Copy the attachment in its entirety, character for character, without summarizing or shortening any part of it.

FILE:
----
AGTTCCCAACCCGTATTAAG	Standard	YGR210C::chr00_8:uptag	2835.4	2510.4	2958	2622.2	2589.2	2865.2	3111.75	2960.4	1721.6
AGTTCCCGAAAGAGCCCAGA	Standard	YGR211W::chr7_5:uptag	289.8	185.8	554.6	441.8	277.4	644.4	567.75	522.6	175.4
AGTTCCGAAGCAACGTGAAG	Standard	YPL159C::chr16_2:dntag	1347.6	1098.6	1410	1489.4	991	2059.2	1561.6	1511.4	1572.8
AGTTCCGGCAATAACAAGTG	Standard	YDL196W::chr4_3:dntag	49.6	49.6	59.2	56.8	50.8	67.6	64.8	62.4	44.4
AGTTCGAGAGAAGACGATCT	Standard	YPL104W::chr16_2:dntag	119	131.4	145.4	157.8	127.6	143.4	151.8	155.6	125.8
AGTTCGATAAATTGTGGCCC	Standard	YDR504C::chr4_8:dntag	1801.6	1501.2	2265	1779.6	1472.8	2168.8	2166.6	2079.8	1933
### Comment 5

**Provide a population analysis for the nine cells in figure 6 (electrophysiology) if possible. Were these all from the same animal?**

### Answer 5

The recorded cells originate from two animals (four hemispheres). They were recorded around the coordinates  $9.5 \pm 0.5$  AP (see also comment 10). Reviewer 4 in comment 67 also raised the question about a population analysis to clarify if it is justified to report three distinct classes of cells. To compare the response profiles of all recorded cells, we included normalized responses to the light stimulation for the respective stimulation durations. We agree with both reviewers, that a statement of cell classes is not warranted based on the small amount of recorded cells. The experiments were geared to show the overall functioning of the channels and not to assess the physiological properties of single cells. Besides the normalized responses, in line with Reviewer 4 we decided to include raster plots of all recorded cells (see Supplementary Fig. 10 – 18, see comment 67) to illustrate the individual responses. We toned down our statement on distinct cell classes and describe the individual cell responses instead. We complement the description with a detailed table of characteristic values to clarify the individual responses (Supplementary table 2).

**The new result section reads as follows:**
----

AGTTCCCAACCCGTATTAAG	Standard	YGR210C::chr00_8:uptag	2835.4	2510.4	2958	2622.2	2589.2	2865.2	3111.75	2960.4	1721.6
AGTTCCCGAAAGAGCCCAGA	Standard	YGR211W::chr7_5:uptag	289.8	185.8	554.6	441.8	277.4	644.4	567.75	522.6	175.4
AGTTCCGAAGCAACGTGAAG	Standard	YPL159C::chr16_2:dntag	1347.6	1098.6	1410	1489.4	991	2059.2	1561.6	1511.4	1572.8
AGTTCCGGCAATAACAAGTG	Standard	YDL196W::chr4_3:dntag	49.6	49.6	59.2	56.8	50.8	67.6	64.8	62.4	44.4
AGTTCGAGAGAAGACGATCT	Standard	YPL104W::chr16_2:dntag	119	131.4	145.4	157.8	127.6	143.4	151.8	155.6	125.8
AGTTCGATAAATTGTGGCCC	Standard	YDR504C::chr4_8:dntag	1801.6	1501.2	2265	1779.6	1472.8	2168.8	2166.6	2079.8	1933
### Comment 5

**Provide a population analysis for the nine cells in figure 6 (electrophysiology) if possible. Were these all from the same animal?**

### Answer 5

The recorded cells originate from two animals (four hemispheres). They were recorded around the coordinates  $9.5 \pm 0.5$  AP (see also comment 10). Reviewer 4 in comment 67 also raised the question about a population analysis to clarify if it is justified to report three distinct classes of cells. To compare the response profiles of all recorded cells, we included normalized responses to the light stimulation for the respective stimulation durations. We agree with both reviewers, that a statement of cell classes is not warranted based on the small amount of recorded cells. The experiments were geared to show the overall functioning of the channels and not to assess the physiological properties of single cells. Besides the normalized responses, in line with Reviewer 4 we decided to include raster plots of all recorded cells (see Supplementary Fig. 10 – 18, see comment 67) to illustrate the individual responses. We toned down our statement on distinct cell classes and describe the individual cell responses instead. We complement the description with a detailed table of characteristic values to clarify the individual responses (Supplementary table 2).

**The new result section reads as follows:**